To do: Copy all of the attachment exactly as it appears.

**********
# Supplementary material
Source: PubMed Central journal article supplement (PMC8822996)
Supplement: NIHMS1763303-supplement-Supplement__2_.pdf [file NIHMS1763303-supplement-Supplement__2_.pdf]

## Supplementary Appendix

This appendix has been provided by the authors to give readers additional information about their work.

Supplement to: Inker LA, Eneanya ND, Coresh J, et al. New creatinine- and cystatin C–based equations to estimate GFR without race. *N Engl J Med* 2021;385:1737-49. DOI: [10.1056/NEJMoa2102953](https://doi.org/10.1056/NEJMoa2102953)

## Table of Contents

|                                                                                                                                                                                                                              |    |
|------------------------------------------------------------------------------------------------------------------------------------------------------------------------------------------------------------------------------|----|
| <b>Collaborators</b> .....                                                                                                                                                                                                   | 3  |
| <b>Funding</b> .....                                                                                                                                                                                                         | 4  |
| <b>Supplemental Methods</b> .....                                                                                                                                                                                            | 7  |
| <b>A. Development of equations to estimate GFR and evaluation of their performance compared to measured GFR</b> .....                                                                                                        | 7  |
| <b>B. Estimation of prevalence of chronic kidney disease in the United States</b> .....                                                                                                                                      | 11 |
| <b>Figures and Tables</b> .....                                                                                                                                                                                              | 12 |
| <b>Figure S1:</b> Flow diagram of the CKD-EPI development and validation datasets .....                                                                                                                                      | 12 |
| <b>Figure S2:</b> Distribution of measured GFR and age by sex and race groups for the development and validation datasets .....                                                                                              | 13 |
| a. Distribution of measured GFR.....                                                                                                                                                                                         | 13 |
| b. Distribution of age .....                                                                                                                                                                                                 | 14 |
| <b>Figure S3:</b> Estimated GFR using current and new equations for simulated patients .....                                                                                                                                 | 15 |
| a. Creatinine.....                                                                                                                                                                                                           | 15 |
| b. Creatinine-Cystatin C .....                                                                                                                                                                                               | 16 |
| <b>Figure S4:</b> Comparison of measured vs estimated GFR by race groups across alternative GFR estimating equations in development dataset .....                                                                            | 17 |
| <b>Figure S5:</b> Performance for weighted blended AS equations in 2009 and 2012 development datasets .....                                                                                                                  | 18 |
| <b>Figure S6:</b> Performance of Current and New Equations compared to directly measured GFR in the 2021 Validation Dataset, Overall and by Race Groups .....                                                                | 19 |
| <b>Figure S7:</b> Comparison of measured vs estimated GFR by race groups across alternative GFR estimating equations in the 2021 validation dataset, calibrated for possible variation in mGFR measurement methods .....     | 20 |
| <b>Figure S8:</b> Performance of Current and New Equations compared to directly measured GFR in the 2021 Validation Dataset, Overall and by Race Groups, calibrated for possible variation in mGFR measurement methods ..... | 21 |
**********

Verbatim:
# Supplementary material
Source: PubMed Central journal article supplement (PMC8822996)
Supplement: NIHMS1763303-supplement-Supplement__2_.pdf [file NIHMS1763303-supplement-Supplement__2_.pdf]

## Supplementary Appendix

This appendix has been provided by the authors to give readers additional information about their work.

Supplement to: Inker LA, Eneanya ND, Coresh J, et al. New creatinine- and cystatin C–based equations to estimate GFR without race. *N Engl J Med* 2021;385:1737-49. DOI: [10.1056/NEJMoa2102953](https://doi.org/10.1056/NEJMoa2102953)

## Table of Contents

|                                                                                                                                                                                                                              |    |
|------------------------------------------------------------------------------------------------------------------------------------------------------------------------------------------------------------------------------|----|
| <b>Collaborators</b> .....                                                                                                                                                                                                   | 3  |
| <b>Funding</b> .....                                                                                                                                                                                                         | 4  |
| <b>Supplemental Methods</b> .....                                                                                                                                                                                            | 7  |
| <b>A. Development of equations to estimate GFR and evaluation of their performance compared to measured GFR</b> .....                                                                                                        | 7  |
| <b>B. Estimation of prevalence of chronic kidney disease in the United States</b> .....                                                                                                                                      | 11 |
| <b>Figures and Tables</b> .....                                                                                                                                                                                              | 12 |
| <b>Figure S1:</b> Flow diagram of the CKD-EPI development and validation datasets .....                                                                                                                                      | 12 |
| <b>Figure S2:</b> Distribution of measured GFR and age by sex and race groups for the development and validation datasets .....                                                                                              | 13 |
| a. Distribution of measured GFR.....                                                                                                                                                                                         | 13 |
| b. Distribution of age .....                                                                                                                                                                                                 | 14 |
| <b>Figure S3:</b> Estimated GFR using current and new equations for simulated patients .....                                                                                                                                 | 15 |
| a. Creatinine.....                                                                                                                                                                                                           | 15 |
| b. Creatinine-Cystatin C .....                                                                                                                                                                                               | 16 |
| <b>Figure S4:</b> Comparison of measured vs estimated GFR by race groups across alternative GFR estimating equations in development dataset .....                                                                            | 17 |
| <b>Figure S5:</b> Performance for weighted blended AS equations in 2009 and 2012 development datasets .....                                                                                                                  | 18 |
| <b>Figure S6:</b> Performance of Current and New Equations compared to directly measured GFR in the 2021 Validation Dataset, Overall and by Race Groups .....                                                                | 19 |
| <b>Figure S7:</b> Comparison of measured vs estimated GFR by race groups across alternative GFR estimating equations in the 2021 validation dataset, calibrated for possible variation in mGFR measurement methods .....     | 20 |
| <b>Figure S8:</b> Performance of Current and New Equations compared to directly measured GFR in the 2021 Validation Dataset, Overall and by Race Groups, calibrated for possible variation in mGFR measurement methods ..... | 21 |